So here's something funny: I had been reading about this chemo brain fog, a condition that includes forgetfulness, spaciness, etc. For a while I was spared but this last week was a doozy. For example, I just wandered around my house for about 45 minutes after getting ready in the morning before work, wondering what I needed to do. Total fog! I told my doctor and she laughed (apparently she thinks I'm funny). She said only professional women & men with tight schedules notice that fog. She said I will be fine after it's all over, but here's my thinking . . . . I want to have this excuse for a long time!

May 6, 2007, finishing this post. It's the weekend and I haven't felt right since my treatment. I am drowsy and fatigued all the time. I can't even think of the word "chemo" without my stomach turning. I really don't know how I'll get through the next four treatments, even though they are supposed to be easier. I don't know how I'll get through working next week! Eating has been weird. Sleeping has been weird. I'm just not myself anymore.

The fog continues. Plus, my allergy to mulberry tree pollen is in full swing, so that adds to the misery. I have had the most amazing nightmares. The last one involved work and it was so real that I woke up thinking it had actually happened. I almost called my boss!

So you want some good news? I had a great time on the Making Strides Against Breast Cancer walk last Saturday. The weather was gorgeous and I walked with Team Green Alene, with Alene Hardin as the chief survivor (I am just the junior survivor). Team Green Alene does it up right. We had a tailgate party at 7 am with breakfast burritos, fresh, giant, nuclear strawberries, and juice. We started at 8 and were finished before many had even started. It was so fun to get out there, even though I felt like a freak in a way. But I didn't care! Here we are at Mile 2.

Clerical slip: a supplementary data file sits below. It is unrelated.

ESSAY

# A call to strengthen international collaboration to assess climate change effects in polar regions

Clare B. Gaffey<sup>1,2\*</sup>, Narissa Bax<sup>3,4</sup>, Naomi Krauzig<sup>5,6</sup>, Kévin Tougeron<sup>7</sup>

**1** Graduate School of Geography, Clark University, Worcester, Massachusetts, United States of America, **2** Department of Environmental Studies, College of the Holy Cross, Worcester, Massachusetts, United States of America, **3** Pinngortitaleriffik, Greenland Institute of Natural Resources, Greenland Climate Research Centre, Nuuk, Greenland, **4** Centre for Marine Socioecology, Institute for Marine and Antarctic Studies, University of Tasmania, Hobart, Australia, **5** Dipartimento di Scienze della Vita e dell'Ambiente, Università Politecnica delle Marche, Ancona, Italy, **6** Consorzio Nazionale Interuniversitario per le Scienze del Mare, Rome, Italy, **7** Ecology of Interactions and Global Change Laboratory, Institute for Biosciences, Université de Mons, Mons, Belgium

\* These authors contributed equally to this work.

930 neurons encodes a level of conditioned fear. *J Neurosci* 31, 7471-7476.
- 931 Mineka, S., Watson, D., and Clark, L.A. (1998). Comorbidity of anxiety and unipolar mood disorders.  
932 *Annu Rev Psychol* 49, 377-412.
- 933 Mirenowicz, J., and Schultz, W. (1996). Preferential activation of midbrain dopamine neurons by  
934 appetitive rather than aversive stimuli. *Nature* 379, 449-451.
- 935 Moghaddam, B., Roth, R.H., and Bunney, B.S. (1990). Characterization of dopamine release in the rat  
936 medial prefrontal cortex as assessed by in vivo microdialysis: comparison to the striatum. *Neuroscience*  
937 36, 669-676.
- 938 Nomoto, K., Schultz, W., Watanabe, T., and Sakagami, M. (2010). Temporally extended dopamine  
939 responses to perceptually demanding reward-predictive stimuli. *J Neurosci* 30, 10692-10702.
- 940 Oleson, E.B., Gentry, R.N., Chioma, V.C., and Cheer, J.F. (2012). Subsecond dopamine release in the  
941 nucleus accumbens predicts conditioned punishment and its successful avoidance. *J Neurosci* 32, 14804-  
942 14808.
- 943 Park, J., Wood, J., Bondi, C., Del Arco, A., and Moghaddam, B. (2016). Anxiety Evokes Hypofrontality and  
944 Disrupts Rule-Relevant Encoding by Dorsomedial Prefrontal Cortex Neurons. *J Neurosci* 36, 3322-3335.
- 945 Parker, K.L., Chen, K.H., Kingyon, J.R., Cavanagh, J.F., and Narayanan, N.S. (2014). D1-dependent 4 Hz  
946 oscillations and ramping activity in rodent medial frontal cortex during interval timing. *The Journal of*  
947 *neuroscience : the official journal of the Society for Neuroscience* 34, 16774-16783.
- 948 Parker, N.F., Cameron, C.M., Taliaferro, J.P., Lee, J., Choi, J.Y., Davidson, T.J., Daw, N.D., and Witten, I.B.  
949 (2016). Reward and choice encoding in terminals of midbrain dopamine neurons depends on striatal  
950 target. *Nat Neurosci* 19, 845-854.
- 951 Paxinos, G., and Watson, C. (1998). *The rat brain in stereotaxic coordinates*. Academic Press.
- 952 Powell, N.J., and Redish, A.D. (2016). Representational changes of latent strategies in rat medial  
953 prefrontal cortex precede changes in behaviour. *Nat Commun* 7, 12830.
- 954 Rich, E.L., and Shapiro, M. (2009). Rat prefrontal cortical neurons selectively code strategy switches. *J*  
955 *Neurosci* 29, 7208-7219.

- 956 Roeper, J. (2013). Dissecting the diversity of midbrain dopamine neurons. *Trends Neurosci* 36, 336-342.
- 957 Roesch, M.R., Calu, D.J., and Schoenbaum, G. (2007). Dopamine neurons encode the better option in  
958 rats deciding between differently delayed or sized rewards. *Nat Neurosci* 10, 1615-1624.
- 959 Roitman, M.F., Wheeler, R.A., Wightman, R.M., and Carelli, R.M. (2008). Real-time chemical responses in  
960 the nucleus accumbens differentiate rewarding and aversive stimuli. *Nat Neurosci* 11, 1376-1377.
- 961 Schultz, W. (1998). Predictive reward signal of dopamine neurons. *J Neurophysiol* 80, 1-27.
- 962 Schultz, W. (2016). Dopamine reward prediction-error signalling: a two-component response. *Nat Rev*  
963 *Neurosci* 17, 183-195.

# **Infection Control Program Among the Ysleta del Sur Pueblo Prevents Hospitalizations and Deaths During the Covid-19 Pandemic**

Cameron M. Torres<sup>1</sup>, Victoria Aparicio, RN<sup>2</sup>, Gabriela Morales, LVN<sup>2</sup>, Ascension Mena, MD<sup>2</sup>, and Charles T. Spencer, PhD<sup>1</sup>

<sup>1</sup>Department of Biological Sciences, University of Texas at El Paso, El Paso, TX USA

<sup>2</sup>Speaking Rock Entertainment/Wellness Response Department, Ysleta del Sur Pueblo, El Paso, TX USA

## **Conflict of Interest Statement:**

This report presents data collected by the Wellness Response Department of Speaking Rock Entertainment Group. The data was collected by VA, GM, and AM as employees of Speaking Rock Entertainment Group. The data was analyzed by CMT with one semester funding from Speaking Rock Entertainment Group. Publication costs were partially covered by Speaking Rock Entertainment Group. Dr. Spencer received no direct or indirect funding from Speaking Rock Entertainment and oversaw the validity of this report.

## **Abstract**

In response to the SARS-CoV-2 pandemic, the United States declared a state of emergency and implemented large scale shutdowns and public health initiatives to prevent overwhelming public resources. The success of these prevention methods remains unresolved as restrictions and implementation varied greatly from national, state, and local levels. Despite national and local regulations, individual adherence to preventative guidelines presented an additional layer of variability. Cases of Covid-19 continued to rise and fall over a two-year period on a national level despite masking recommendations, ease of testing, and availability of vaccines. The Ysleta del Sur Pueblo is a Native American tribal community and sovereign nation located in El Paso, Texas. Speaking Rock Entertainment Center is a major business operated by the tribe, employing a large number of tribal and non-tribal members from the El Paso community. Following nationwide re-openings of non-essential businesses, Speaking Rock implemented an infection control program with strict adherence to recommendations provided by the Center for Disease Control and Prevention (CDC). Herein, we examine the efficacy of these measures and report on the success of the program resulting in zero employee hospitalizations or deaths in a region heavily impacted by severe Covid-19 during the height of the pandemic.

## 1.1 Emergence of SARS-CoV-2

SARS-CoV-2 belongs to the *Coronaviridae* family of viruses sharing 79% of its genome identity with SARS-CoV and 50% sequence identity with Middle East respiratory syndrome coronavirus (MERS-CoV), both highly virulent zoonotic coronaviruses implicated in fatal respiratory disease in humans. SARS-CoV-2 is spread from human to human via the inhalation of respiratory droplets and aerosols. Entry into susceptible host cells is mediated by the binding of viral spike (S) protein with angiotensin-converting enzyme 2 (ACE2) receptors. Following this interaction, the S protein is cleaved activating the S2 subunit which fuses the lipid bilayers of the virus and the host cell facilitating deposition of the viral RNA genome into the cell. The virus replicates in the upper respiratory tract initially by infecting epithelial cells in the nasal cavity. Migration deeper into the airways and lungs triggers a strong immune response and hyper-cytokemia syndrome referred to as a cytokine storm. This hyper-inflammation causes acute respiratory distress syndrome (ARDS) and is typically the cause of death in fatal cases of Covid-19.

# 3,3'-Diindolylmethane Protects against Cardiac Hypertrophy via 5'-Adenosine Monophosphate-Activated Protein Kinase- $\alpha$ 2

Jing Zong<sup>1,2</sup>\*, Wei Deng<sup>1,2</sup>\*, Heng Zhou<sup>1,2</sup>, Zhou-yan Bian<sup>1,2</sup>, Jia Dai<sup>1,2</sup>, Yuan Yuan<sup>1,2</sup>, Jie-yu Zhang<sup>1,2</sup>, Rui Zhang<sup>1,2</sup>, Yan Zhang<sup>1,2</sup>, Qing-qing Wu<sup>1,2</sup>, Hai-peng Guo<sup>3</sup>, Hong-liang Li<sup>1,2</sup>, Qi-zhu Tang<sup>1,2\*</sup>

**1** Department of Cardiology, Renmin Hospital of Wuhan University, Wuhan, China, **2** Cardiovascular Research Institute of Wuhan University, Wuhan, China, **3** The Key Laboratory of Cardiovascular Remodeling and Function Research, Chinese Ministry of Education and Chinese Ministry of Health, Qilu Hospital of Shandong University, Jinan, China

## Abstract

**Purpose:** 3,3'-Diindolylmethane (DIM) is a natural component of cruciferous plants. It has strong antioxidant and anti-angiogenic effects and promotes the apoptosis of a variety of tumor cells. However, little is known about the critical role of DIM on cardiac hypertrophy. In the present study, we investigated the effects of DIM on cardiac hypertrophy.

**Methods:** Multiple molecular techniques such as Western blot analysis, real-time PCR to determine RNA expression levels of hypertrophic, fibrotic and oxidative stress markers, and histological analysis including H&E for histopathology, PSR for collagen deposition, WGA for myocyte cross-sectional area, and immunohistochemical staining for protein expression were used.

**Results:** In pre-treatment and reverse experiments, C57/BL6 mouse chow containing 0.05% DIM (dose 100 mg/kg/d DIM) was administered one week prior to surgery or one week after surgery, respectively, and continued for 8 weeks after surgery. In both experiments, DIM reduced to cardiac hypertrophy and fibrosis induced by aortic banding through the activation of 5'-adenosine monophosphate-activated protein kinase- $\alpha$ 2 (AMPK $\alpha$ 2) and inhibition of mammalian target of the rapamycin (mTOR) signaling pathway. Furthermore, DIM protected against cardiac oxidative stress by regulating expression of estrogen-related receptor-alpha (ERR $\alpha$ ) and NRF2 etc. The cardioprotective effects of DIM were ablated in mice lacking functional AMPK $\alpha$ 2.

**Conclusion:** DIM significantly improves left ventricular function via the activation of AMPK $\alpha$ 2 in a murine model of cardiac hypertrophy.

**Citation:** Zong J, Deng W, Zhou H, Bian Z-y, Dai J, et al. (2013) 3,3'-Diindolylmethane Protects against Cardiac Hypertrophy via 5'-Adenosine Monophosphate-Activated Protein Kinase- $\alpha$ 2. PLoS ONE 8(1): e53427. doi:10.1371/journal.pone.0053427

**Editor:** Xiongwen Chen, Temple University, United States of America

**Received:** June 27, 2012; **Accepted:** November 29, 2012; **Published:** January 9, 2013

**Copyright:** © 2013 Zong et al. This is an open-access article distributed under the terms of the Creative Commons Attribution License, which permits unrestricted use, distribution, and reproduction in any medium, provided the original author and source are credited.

In the photo are the Hardins (Alene took the photo) along with the biggest flirt in Albuquerque, Karen Hoffert. Beside me is Callie Bryan, my daughter's friend, who ran the 5K. Rachel was hiding. She probably was embarrassed because I wore the Breast Cancer Survivor Sash they gave me as a necktie. I mean, honestly, who wears a sash? Besides the homecoming queen, I mean.

I sure feel better when I get outside and exercise. So that's good news. And some of my tumors continue to shrink, so that's good. The others aren't growing, but they don't seem to be shrinking as much as the other ones are. Surgery is still scheduled at the end of July.

Take care everybody!

PS the title is for all the Bon Jovi fans out there!

Thursday, April 19, 2007

April 20, 2007 Just gotta ask . . .


I have learned a lot about myself lately and a lot about the world around me (my ecosystem, I like to call it). I am aware that I have fears about this cancer and about the effect it's having on me, my family, my friendships, and even my adorable little puppy, Rex. Poor thing hasn't been walked in forever. He's definitely suffering along with me as I moan on the sofa.

I saw my oncologist on Tuesday before chemo and she didn't have enough samples for me of the "good + expensive" antinausea meds. She cheerfully wrote me a script, telling me that my co-pay would only be $50 or so. What???!! Later I had it filled at my local Walgreen's, and she was right. I asked the pharmacy clerk, "What is the regular price for this pill?" He said, "About a hundred bucks." I was stunned and said, "Last time you told me it was a THOUSAND bucks a pill." He politely said, "Nope, three pills, $320, without insurance." And I had been fretting about this for weeks, wondering where I was going to find some more free samples. Boy, am I glad I asked, and asked, and asked, instead of giving up. I just couldn't believe the pharmacy company would gouge cancer patients for $1000 a pill.